The Devil’s Experiment may have kicked off the Guinea Pig series but the second installment, Flower of Flesh and Blood, is where it really starts to come into it’s own, providing a far more gruesome and brutal entry. It also gained significant notoriety in the states back in 1991 when Charlie Sheen (yes the Charlie Sheen) saw it, was convinced it was a real snuff film and reported it to the FBI. As laughable as this may seem, it’s not completely without merit, as the lack of story and hyper-detailed gore was specifically crafted to give the viewer the impression they are witnessing a real crime. Additionally, the film does start with text stating that the movie was actually a recreation of a genuine snuff film that writer/director Hideshi Hino had received from a crazed fan of his Manga work.
This story became the stuff of urban legend for years and Hino did become the subject of a police investigation because of his work. But despite what some persistent rumors claim, he never actually had to appear in court because of it and revealed years later in a Vice interview that the part about receiving an actual snuff film was a complete fabrication. So, notoriety aside, how does Flower of Flesh and Blood actually hold up as a film? Well, let’s discuss.
Much like Devil’s Experiment, this entry is also light on plot but does actually have a clear narrative structure. It starts with an unidentified woman being chloroformed and kidnapped as she walks alone at night, later waking up tied to a table in a windowless room where torture implements lie about. Her white-faced, Samurai helmet-wearing assailant quickly gives her a mysterious drug that will “turn her pain into ecstasy” before graphically disassembling her body with his crude torture implements. I won’t reveal too many details about what plot there is but suffice to say it does come to a thematically satisfying conclusion that also leaves the door open for a continuation of the twisted story.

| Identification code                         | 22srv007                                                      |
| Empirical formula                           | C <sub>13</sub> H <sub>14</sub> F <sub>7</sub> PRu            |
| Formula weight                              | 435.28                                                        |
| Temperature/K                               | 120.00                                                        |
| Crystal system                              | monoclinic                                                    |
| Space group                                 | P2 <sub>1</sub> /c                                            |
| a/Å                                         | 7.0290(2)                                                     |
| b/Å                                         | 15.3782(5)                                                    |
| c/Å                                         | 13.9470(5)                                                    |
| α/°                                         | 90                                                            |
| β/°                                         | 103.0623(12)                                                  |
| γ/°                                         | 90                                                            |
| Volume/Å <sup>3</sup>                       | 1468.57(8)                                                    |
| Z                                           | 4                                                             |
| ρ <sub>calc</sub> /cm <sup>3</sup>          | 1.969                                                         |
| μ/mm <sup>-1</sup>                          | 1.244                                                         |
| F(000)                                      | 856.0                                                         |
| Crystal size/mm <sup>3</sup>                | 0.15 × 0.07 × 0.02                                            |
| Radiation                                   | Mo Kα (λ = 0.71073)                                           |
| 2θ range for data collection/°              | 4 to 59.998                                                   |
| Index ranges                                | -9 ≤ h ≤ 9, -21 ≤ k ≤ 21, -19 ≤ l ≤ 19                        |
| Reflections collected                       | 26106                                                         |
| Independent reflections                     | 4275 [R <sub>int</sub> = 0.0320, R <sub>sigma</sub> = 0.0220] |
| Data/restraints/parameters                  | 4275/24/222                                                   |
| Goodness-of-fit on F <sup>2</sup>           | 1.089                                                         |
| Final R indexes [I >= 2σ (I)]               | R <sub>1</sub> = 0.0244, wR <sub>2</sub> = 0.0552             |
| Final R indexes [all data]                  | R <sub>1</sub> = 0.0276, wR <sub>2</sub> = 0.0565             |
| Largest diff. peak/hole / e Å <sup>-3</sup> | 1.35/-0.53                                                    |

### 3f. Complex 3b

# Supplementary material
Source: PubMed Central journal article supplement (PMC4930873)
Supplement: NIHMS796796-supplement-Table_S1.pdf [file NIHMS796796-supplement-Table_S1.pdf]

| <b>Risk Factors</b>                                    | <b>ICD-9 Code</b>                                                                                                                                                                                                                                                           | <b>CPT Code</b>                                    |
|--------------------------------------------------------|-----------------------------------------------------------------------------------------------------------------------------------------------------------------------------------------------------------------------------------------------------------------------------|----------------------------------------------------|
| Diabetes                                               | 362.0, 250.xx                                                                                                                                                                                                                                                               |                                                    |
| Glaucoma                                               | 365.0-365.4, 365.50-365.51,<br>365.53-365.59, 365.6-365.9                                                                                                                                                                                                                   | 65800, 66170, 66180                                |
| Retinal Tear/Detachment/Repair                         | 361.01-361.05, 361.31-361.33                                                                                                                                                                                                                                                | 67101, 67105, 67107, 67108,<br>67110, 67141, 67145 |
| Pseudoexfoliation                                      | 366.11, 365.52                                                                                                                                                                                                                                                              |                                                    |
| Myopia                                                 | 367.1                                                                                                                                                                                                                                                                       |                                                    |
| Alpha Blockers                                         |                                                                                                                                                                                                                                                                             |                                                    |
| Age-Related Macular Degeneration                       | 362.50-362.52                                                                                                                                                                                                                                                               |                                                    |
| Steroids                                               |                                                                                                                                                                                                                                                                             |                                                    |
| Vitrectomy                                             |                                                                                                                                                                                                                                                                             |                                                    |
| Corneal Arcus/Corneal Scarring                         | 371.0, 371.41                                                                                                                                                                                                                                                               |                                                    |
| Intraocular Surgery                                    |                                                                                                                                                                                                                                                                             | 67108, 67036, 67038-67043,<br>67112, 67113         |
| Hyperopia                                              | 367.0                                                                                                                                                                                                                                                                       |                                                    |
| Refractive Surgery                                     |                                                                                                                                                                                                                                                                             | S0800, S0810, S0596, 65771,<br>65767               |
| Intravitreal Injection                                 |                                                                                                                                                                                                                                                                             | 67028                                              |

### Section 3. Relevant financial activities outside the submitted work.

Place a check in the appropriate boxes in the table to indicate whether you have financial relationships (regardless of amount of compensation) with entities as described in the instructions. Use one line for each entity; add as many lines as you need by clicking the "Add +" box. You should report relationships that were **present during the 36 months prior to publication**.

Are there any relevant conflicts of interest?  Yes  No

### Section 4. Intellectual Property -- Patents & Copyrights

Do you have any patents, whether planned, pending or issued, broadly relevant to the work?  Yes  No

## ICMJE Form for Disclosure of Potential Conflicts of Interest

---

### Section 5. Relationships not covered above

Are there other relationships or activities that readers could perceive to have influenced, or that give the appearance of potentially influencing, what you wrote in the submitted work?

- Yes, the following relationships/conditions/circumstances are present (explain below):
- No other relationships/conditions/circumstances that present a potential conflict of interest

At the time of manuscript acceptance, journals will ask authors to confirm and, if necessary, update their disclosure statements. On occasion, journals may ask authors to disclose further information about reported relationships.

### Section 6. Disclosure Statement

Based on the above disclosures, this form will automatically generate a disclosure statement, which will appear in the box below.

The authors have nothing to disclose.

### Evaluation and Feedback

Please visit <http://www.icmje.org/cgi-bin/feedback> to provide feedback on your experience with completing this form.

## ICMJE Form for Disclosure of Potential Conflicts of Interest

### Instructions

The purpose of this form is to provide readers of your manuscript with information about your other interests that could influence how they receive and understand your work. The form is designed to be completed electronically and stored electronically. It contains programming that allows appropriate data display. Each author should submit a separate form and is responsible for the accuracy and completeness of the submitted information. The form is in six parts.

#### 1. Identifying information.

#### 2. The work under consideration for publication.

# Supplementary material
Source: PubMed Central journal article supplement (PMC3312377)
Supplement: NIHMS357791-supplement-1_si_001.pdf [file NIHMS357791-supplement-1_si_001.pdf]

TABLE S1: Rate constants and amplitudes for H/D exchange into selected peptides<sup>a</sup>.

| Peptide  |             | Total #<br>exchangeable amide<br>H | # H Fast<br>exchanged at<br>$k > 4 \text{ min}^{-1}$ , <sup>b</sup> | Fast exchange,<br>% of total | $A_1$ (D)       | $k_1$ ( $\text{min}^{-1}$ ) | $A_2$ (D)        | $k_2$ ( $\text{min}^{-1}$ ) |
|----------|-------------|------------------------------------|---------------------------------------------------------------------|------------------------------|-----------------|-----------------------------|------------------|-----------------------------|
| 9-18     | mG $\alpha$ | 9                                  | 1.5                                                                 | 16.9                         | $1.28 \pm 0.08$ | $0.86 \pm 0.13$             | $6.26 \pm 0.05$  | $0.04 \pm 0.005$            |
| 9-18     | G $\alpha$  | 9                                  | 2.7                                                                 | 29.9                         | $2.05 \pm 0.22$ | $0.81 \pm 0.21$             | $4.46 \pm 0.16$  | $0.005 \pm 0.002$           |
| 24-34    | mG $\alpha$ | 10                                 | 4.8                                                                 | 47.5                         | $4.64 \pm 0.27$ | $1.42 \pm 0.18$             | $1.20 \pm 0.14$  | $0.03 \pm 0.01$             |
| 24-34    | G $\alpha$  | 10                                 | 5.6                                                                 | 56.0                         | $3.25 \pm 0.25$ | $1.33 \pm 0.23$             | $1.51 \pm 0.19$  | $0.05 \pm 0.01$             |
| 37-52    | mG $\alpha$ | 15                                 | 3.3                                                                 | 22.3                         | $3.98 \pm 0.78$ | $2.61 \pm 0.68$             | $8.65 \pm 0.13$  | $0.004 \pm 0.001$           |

The entire film may only be forty-two minutes but packed within that is more gore than you’ll see in many feature-length horror movies. It also achieves a level of graphic brutality that goes far beyond what most other films have the balls to portray and even thirty-two years later, the special effects still look amazingly real. This is largely due to the fact that Hino goes into great detail to show how slow and laborious the process of taking apart a body actually is. This is a level of detail that is often skimmed over in films but as anyone who’s broken down a chicken before knows, it takes a significant amount of effort to cut through bones and joints.
There are also numerous aspects beyond just the gore itself that make this film a very disturbing experience. For one, seeing a person who’s awake but not crying out in pain while someone mutilates their body is actually more disturbing in a way and is incredibly unsettling and surreal. There is also the scene where the white-faced Samurai shows off his “collection” of maggot-infested body parts while an eerie voice recites a poem about Hell in the background. It’s a simple and strange effect that works incredibly well to enhance the disturbing, surreal experience of the film.
The disc from Unearthed Films also includes a making-of featurette which is very interesting to watch after the film. Not only does it show the level of detail that went into crafting the amazing effects but also has outtakes showing the cast and crew joking around and bursting into laughter in-between takes. That itself is perhaps the most surreal part of the entire experience. All in all, a classic piece of horror cinema that’s worthy of it’s cult status and belongs in the collection of any serious gore hound.